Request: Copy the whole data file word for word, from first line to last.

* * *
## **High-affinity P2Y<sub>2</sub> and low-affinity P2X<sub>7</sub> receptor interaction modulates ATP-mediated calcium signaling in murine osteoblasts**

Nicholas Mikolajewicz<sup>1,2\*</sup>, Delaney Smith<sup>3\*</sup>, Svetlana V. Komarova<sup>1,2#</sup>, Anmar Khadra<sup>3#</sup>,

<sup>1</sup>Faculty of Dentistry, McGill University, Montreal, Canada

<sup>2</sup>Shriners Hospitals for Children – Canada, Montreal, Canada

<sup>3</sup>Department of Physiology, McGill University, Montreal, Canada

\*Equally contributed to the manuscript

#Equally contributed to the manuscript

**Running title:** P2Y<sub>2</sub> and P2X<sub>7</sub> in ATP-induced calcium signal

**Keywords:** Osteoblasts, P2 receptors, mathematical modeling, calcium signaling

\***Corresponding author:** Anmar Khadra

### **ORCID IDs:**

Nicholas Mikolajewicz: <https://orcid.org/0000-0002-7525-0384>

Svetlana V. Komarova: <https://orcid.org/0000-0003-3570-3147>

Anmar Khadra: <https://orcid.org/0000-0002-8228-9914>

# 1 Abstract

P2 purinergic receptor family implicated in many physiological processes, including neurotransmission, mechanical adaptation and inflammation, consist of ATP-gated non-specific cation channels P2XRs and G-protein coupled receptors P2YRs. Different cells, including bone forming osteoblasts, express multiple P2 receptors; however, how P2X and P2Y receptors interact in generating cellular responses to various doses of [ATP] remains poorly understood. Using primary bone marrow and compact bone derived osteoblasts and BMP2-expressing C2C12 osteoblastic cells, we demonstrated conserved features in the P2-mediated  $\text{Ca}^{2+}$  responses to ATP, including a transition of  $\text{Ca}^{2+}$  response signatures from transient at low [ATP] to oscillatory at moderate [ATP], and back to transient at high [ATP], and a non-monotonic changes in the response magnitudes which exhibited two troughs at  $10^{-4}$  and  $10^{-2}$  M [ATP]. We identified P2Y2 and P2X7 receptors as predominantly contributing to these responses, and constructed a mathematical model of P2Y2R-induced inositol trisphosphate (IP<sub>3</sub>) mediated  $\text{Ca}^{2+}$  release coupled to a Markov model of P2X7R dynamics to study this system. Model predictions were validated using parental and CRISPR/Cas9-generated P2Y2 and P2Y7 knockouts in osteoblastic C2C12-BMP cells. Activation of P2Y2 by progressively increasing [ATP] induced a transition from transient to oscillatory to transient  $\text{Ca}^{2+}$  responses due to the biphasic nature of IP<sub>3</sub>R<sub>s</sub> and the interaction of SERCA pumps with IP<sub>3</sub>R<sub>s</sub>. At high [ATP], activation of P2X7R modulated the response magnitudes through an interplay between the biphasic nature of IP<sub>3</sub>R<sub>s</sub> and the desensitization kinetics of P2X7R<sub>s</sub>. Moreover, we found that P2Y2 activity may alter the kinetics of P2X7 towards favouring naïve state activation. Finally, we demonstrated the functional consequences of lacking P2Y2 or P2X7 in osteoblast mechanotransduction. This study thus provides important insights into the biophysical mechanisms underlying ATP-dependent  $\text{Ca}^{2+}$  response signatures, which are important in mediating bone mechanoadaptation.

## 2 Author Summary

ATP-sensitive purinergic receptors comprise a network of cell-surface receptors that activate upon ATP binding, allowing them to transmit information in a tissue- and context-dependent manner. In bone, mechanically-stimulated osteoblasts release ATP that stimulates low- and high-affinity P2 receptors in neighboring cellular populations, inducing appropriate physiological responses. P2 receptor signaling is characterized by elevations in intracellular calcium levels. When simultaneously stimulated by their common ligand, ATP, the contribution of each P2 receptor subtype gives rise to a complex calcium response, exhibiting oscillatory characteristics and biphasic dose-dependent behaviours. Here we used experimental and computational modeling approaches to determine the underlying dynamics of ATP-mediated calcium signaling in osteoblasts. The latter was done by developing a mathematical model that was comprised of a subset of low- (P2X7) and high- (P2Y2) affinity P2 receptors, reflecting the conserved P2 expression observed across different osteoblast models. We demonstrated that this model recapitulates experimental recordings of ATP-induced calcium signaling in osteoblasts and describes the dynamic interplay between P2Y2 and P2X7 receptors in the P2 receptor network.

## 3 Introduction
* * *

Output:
## **High-affinity P2Y<sub>2</sub> and low-affinity P2X<sub>7</sub> receptor interaction modulates ATP-mediated calcium signaling in murine osteoblasts**

Nicholas Mikolajewicz<sup>1,2\*</sup>, Delaney Smith<sup>3\*</sup>, Svetlana V. Komarova<sup>1,2#</sup>, Anmar Khadra<sup>3#</sup>,

<sup>1</sup>Faculty of Dentistry, McGill University, Montreal, Canada

<sup>2</sup>Shriners Hospitals for Children – Canada, Montreal, Canada

<sup>3</sup>Department of Physiology, McGill University, Montreal, Canada

\*Equally contributed to the manuscript

#Equally contributed to the manuscript

**Running title:** P2Y<sub>2</sub> and P2X<sub>7</sub> in ATP-induced calcium signal

**Keywords:** Osteoblasts, P2 receptors, mathematical modeling, calcium signaling

\***Corresponding author:** Anmar Khadra

### **ORCID IDs:**

Nicholas Mikolajewicz: <https://orcid.org/0000-0002-7525-0384>

Svetlana V. Komarova: <https://orcid.org/0000-0003-3570-3147>

Anmar Khadra: <https://orcid.org/0000-0002-8228-9914>

# 1 Abstract

P2 purinergic receptor family implicated in many physiological processes, including neurotransmission, mechanical adaptation and inflammation, consist of ATP-gated non-specific cation channels P2XRs and G-protein coupled receptors P2YRs. Different cells, including bone forming osteoblasts, express multiple P2 receptors; however, how P2X and P2Y receptors interact in generating cellular responses to various doses of [ATP] remains poorly understood. Using primary bone marrow and compact bone derived osteoblasts and BMP2-expressing C2C12 osteoblastic cells, we demonstrated conserved features in the P2-mediated  $\text{Ca}^{2+}$  responses to ATP, including a transition of  $\text{Ca}^{2+}$  response signatures from transient at low [ATP] to oscillatory at moderate [ATP], and back to transient at high [ATP], and a non-monotonic changes in the response magnitudes which exhibited two troughs at  $10^{-4}$  and  $10^{-2}$  M [ATP]. We identified P2Y2 and P2X7 receptors as predominantly contributing to these responses, and constructed a mathematical model of P2Y2R-induced inositol trisphosphate (IP<sub>3</sub>) mediated  $\text{Ca}^{2+}$  release coupled to a Markov model of P2X7R dynamics to study this system. Model predictions were validated using parental and CRISPR/Cas9-generated P2Y2 and P2Y7 knockouts in osteoblastic C2C12-BMP cells. Activation of P2Y2 by progressively increasing [ATP] induced a transition from transient to oscillatory to transient  $\text{Ca}^{2+}$  responses due to the biphasic nature of IP<sub>3</sub>R<sub>s</sub> and the interaction of SERCA pumps with IP<sub>3</sub>R<sub>s</sub>. At high [ATP], activation of P2X7R modulated the response magnitudes through an interplay between the biphasic nature of IP<sub>3</sub>R<sub>s</sub> and the desensitization kinetics of P2X7R<sub>s</sub>. Moreover, we found that P2Y2 activity may alter the kinetics of P2X7 towards favouring naïve state activation. Finally, we demonstrated the functional consequences of lacking P2Y2 or P2X7 in osteoblast mechanotransduction. This study thus provides important insights into the biophysical mechanisms underlying ATP-dependent  $\text{Ca}^{2+}$  response signatures, which are important in mediating bone mechanoadaptation.

## 2 Author Summary

ATP-sensitive purinergic receptors comprise a network of cell-surface receptors that activate upon ATP binding, allowing them to transmit information in a tissue- and context-dependent manner. In bone, mechanically-stimulated osteoblasts release ATP that stimulates low- and high-affinity P2 receptors in neighboring cellular populations, inducing appropriate physiological responses. P2 receptor signaling is characterized by elevations in intracellular calcium levels. When simultaneously stimulated by their common ligand, ATP, the contribution of each P2 receptor subtype gives rise to a complex calcium response, exhibiting oscillatory characteristics and biphasic dose-dependent behaviours. Here we used experimental and computational modeling approaches to determine the underlying dynamics of ATP-mediated calcium signaling in osteoblasts. The latter was done by developing a mathematical model that was comprised of a subset of low- (P2X7) and high- (P2Y2) affinity P2 receptors, reflecting the conserved P2 expression observed across different osteoblast models. We demonstrated that this model recapitulates experimental recordings of ATP-induced calcium signaling in osteoblasts and describes the dynamic interplay between P2Y2 and P2X7 receptors in the P2 receptor network.

## 3 Introduction